Although it deals in media, and media is Nambiar’s field of expertise, Radix is not a media agency. Nambiar is hesitant to put a clear label on it, and objects to the need to. It provides “solutions”, which can stretch across creative, marketing, media and more in the post-silo marketing world that has evolved in the past five years or so.

“Radix is an agency that provides solutions to clients,” he says. “Why would we call it a media agency? Are we doing only media planning? We are providing creative solutions, we are doing activations, we are doing brand integration, we are doing all of that.”

Radix, says Nambiar, is “integrated, future-ready and customer-focused”.

Being a small operation – Radix’s Dubai office employs about
30 people – the company can be both nimble and integrated, attributes that have proved a challenge for traditional holding-company media agencies.

“If you look at a holding company, you are just part of a holding company,” he says of network agencies. “When you are told to practise certain disciplines, you overstep if you try to do things that are not part of your agenda. Then, within holding companies you create conflict because you are stepping on someone else’s toes.”

He says that he tried to offer solutions outside of media planning and buying in his previous life, but “there are so many issues and problems that you create” with trying to provide PR, creative services, digital and content, until “you don’t know what you are doing”.

Holding companies “are now starting to talk the language of being agile, being lean,” he says. But while Radix can provide an integrated approach, Nambiar “could not have provided it as part of a holding company, unless you create a unit within”.

That approach is becoming more common among international groups. Omnicom, for example, has a best-of agency that handles McDonald’s in the US, and WPP’s Global Team Blue was handling Ford until it lost a chunk of the business recently.

Nambiar says the problems with such units are: “How many will you create? And what happens to your parents?” That is, the agencies within the group that have contributed staff and resources to the client-specific unit. “What is going to be the essence of the organisation?” he asks.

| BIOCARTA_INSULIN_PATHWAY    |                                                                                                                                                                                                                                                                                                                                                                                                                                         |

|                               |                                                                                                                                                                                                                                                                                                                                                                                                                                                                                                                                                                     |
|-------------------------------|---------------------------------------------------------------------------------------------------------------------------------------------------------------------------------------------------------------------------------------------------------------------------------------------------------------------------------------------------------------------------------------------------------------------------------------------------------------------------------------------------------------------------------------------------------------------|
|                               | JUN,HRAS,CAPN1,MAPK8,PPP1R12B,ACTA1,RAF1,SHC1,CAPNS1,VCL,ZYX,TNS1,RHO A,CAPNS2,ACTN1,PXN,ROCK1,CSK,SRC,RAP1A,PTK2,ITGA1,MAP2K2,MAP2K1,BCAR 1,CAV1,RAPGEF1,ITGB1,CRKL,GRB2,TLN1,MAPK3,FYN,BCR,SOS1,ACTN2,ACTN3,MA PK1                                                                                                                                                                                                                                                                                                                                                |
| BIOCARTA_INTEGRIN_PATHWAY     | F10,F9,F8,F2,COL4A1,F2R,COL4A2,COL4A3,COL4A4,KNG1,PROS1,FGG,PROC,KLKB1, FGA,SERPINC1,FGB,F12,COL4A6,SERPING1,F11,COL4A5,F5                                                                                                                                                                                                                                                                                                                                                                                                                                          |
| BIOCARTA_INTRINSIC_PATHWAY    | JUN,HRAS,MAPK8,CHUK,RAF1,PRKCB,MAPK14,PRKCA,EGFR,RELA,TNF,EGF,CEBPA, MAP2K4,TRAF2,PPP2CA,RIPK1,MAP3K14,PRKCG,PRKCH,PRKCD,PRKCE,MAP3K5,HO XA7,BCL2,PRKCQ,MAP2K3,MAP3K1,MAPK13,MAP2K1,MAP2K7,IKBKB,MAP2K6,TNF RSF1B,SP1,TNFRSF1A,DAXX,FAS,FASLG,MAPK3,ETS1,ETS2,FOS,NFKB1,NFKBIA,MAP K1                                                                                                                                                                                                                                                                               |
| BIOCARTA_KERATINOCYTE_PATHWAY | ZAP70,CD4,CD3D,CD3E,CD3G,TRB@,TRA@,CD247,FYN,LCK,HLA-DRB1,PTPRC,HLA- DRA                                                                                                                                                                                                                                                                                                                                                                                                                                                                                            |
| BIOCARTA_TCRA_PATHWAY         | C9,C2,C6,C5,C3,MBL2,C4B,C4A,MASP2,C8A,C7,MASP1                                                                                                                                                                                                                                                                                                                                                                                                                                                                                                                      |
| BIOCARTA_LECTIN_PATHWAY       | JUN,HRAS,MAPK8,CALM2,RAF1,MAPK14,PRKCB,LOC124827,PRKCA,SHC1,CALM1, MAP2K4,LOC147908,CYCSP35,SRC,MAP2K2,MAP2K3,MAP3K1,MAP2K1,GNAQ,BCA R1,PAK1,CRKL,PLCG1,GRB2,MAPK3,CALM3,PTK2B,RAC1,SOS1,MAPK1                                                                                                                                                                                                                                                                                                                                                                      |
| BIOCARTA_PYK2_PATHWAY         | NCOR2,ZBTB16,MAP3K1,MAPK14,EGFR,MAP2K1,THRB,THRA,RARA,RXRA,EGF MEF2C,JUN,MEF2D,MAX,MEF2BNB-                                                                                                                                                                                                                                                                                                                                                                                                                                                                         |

Integration and flexibility are becoming essential now the old model of high margins is over. “In this part of the world, everyone complains about not doing well,” he says. “But why isn’t anyone saying that over the last 25 years you did good in so many of those years?”

Although he points out that the region’s rulers are still making significant investments in the economy, he’s not saying the squeeze is short-term. “We all have to accept the fact that margins are not necessarily going to be the same as we were operating with. Margins are down, and there is no way they are going to go back up. You have to realise and accept the fact that this is now how it is.”

But Nambiar enjoys a challenge. “The comfort zone is not there any more,” he says. “You are struggling, but that struggle holds, from my point of view, a better enjoyment than the comfort zone that you operated within before.”

It means all the business and revenue that comes in – to Radix and to any other agency – has been hard-earned, rather than being easily won.

Nambiar often hires promising but inexperienced young staff, giving them their first breaks and instilling the loyalty that drives them to work hard for him. And he has two pieces of advice for them. The first is to recognise that others will soon be in their shoes. “Always look down, because if you do not recognise where you come from you are in trouble,” he says.

His second piece of advice is: “When you are travelling to a destination, your focus should never be the destination; it is the journey. If you focus on the destination, you’ll not be able to complete the journey; just focus on the journey.”

The destination might be targets and financial goals, but Nambiar is focusing on the work that makes up the Radix journey. If he takes care of the means, the end will take care of itself, and his new journey will reach a successful destination.